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Volatility forecasts: the role of asymmetric and long-memory dynamics and regional evidence

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  • Twm Evans
  • David McMillan

Abstract

This article seeks to examine the forecasting performance of nine competing models for daily volatility for stock market returns of 33 economies. Whilst volatility is an important variable in many financial applications including those relating to areas of risk management there exits little consensus with regard to the most appropriate model. The results of this article seek to bring some closure to the debate. Our results suggest that in 70% of our cases the GARCH-class of model provide the best forecasts and in particular models that account for either asymmetry or long-memory dynamics. Outwith the GARCH-class, the moving average model provides reasonable forecasts.

Suggested Citation

  • Twm Evans & David McMillan, 2007. "Volatility forecasts: the role of asymmetric and long-memory dynamics and regional evidence," Applied Financial Economics, Taylor & Francis Journals, vol. 17(17), pages 1421-1430.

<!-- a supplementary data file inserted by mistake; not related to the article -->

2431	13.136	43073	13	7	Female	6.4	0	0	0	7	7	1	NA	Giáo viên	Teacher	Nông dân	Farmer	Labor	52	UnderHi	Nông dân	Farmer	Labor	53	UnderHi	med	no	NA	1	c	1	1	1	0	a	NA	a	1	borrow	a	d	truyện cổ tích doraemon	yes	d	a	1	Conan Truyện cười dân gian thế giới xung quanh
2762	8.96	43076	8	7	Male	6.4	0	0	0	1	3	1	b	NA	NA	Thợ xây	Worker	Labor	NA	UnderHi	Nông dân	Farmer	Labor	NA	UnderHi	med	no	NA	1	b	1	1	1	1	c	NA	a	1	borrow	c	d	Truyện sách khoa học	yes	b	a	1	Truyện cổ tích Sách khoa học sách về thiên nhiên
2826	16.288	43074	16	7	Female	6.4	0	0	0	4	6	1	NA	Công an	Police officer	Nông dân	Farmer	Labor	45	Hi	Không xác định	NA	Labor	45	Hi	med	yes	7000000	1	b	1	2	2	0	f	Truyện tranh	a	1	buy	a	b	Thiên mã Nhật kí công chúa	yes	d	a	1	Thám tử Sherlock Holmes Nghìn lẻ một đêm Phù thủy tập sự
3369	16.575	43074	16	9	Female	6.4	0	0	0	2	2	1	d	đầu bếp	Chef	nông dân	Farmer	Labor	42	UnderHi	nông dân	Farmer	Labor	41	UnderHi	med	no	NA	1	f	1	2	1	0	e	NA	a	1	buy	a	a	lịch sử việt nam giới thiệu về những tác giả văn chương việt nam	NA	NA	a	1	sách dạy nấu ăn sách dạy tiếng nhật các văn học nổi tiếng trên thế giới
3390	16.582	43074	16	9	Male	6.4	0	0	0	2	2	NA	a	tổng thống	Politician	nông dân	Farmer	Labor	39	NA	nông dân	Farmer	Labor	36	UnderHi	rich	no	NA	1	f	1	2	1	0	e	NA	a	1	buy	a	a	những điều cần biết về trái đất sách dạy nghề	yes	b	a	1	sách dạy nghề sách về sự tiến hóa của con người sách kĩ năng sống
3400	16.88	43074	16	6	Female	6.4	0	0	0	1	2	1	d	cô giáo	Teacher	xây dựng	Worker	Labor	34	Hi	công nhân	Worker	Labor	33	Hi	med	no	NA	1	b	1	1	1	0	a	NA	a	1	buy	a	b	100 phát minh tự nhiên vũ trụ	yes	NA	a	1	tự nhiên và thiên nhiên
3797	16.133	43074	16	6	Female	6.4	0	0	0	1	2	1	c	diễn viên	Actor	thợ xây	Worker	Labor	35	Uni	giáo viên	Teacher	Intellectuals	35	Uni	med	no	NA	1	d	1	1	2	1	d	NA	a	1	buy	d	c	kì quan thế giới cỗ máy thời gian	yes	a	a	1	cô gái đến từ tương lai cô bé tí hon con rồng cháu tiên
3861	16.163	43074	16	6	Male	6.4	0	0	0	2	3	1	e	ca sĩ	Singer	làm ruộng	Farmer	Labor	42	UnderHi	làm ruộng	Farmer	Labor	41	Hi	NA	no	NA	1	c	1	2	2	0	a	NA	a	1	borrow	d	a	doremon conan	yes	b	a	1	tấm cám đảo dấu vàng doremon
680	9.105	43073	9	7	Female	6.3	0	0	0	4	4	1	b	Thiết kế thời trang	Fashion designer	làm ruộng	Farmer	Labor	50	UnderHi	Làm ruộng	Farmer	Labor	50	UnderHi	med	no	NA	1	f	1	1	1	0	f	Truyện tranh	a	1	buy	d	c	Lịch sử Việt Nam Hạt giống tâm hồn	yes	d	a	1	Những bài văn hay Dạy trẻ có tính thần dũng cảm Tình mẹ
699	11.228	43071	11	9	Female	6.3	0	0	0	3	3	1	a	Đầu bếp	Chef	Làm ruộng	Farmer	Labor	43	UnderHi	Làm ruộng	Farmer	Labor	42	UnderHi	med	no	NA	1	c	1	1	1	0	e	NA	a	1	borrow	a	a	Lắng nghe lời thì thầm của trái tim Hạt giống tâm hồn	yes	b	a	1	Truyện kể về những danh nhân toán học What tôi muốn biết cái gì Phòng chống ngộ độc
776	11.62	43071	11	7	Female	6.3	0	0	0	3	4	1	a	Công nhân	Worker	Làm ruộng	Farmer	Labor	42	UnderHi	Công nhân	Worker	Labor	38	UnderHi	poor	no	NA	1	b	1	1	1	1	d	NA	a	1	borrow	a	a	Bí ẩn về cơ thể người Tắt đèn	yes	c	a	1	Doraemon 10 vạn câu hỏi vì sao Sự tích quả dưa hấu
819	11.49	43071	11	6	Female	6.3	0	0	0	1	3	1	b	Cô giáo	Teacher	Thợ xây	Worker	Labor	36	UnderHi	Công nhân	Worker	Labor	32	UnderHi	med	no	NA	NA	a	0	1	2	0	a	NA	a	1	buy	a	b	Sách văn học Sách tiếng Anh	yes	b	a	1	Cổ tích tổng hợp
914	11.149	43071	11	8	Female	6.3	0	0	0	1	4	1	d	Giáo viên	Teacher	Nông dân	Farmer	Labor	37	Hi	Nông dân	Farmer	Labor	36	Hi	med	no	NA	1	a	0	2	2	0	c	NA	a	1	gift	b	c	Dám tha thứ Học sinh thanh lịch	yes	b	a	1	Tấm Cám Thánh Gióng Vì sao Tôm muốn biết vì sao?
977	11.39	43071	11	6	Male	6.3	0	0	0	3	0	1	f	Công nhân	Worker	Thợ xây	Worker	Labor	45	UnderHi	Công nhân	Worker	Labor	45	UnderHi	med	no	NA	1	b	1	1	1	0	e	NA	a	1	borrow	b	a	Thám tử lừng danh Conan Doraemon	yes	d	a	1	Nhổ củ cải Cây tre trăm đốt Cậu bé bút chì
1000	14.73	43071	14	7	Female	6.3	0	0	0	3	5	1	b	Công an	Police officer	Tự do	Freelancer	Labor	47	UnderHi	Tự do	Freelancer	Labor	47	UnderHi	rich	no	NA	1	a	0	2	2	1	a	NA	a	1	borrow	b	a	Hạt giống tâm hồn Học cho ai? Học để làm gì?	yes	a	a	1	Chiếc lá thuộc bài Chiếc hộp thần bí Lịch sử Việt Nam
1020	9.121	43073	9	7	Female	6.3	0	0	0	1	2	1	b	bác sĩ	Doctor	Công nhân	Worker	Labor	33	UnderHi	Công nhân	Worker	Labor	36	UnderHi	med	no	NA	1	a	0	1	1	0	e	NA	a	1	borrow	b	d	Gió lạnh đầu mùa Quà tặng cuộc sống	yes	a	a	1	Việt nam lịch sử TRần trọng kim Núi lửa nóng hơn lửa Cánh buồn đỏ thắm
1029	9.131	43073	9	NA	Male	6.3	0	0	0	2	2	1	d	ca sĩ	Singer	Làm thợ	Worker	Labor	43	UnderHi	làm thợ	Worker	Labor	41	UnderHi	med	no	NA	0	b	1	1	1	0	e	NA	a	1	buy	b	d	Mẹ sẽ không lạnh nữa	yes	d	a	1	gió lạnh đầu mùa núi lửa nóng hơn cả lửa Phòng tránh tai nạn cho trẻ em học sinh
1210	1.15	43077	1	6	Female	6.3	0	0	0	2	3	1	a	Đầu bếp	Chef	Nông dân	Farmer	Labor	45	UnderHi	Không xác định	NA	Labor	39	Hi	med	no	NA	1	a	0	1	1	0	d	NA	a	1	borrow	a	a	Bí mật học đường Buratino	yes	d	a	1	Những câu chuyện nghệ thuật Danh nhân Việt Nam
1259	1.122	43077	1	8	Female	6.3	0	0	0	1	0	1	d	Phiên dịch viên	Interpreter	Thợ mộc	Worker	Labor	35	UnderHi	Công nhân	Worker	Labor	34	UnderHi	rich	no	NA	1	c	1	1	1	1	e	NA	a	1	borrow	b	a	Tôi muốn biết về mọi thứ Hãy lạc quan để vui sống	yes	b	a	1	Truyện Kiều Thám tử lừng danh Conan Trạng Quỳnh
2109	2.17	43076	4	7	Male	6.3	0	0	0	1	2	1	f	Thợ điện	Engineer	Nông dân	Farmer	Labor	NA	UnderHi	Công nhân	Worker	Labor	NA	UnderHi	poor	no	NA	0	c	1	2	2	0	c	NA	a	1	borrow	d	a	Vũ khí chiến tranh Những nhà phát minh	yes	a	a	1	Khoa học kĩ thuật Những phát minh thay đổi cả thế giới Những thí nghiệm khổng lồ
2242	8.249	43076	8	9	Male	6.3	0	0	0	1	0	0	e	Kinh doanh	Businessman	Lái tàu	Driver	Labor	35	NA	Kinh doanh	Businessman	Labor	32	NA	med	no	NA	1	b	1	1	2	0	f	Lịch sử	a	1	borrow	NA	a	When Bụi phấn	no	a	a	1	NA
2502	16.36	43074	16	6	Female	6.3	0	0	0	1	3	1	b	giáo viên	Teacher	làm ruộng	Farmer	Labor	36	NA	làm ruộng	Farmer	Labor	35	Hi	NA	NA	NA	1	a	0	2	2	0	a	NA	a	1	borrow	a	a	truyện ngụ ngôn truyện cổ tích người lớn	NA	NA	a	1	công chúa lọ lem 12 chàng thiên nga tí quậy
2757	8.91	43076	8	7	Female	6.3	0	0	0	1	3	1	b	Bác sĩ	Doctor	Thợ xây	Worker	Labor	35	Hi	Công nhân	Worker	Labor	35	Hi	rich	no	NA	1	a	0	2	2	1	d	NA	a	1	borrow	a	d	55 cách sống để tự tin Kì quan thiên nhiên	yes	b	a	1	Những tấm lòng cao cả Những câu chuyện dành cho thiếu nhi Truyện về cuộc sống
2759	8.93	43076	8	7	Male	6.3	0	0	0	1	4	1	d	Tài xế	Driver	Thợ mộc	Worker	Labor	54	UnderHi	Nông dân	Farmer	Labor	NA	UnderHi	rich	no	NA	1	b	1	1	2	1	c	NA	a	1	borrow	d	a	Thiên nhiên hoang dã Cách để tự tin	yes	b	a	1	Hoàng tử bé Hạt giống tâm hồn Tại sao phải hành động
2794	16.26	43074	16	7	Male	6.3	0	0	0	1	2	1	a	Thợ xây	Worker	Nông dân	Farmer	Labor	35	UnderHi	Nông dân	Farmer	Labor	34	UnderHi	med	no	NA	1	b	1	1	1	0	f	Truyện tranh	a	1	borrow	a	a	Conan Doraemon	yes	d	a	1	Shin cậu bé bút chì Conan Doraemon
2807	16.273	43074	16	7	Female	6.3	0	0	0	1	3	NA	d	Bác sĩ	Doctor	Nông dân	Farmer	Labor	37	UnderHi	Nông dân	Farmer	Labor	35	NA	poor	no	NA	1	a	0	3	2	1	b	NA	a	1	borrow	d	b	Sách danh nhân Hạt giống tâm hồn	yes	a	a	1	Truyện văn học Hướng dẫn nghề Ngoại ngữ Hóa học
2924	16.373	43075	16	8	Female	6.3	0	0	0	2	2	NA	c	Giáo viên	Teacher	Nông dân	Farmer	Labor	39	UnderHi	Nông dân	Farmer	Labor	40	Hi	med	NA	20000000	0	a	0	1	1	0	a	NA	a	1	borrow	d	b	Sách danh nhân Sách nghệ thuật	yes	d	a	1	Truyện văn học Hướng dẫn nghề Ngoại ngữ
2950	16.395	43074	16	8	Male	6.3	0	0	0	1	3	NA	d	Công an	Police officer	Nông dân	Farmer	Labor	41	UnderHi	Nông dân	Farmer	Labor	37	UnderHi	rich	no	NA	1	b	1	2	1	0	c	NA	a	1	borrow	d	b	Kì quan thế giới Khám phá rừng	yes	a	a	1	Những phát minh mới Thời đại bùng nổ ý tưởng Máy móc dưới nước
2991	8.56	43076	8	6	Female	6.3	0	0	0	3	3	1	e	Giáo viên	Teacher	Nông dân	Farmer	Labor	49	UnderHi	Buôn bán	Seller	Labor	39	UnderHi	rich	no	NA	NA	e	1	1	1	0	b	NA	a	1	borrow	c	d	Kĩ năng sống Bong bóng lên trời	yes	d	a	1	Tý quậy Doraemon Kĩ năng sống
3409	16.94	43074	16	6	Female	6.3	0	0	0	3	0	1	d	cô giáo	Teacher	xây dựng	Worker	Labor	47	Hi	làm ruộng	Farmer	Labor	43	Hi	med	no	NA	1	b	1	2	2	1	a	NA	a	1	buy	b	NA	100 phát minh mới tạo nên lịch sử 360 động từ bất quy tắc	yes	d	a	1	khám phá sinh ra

• Handle: RePEc:taf:apfiec:v:17:y:2007:i:17:p:1421-1430
    DOI: 10.1080/09603100601007149
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    References listed on IDEAS

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    Cited by:

    1. Liu, Hung-Chun & Chiang, Shu-Mei & Cheng, Nick Ying-Pin, 2012. "Forecasting the volatility of S&P depositary receipts using GARCH-type models under intraday range-based and return-based proxy measures," International Review of Economics & Finance, Elsevier, vol. 22(1), pages 78-91.
    2. Jian Zhou & Zhixin Kang, 2011. "A Comparison of Alternative Forecast Models of REIT Volatility," The Journal of Real Estate Finance and Economics, Springer, vol. 42(3), pages 275-294, April.
    3. Wamg, Jianxin, 2011. "Forecasting Volatility in Asian Stock Markets: Contributions of Local, Regional, and Global Factors," Asian Development Review, Asian Development Bank, vol. 28(2), pages 32-57.

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